Small streets have been around for thousands of years. For centuries they were part of the dominant pattern of development by humans in both large cities and small towns. The industrial revolution, modern centralized town planning, and the personal automobile contributed to the decline of the small street in North America.
Small streets are most simply defined as streets less than 30 feet wide measured from building to building.
Often small streets include curbs and sidewalks to separate automobiles and pedestrians, but the best and most charming small streets are shared spaces with no curbs. Small streets are rarely provide on-street parking and are typically designed so that drivers are conscious that they do not own the space. They are one-way streets for automobiles, with few exceptions, but always two-way streets for pedestrians.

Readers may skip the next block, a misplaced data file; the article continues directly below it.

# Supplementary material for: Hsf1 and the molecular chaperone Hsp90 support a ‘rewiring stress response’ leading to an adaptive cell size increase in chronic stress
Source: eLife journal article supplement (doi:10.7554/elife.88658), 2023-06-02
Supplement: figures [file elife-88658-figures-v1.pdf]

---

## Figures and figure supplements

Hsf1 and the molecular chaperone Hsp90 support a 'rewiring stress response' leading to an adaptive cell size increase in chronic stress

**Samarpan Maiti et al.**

Throughout much of the world, small streets exist in organic patterns, intersecting with other small streets as well as wider streets. Boston’s North End neighborhood provides one example for this pattern in the United States. In Baltimore and other industrial cities in the United States, small streets run parallel to wider streets. On some blocks in Baltimore, the wide street and small street share a service alley that keeps utility poles and garbage pickup out of sight. Most small streets are lined with rowhouses but can also host single-family houses, as is common in Japan.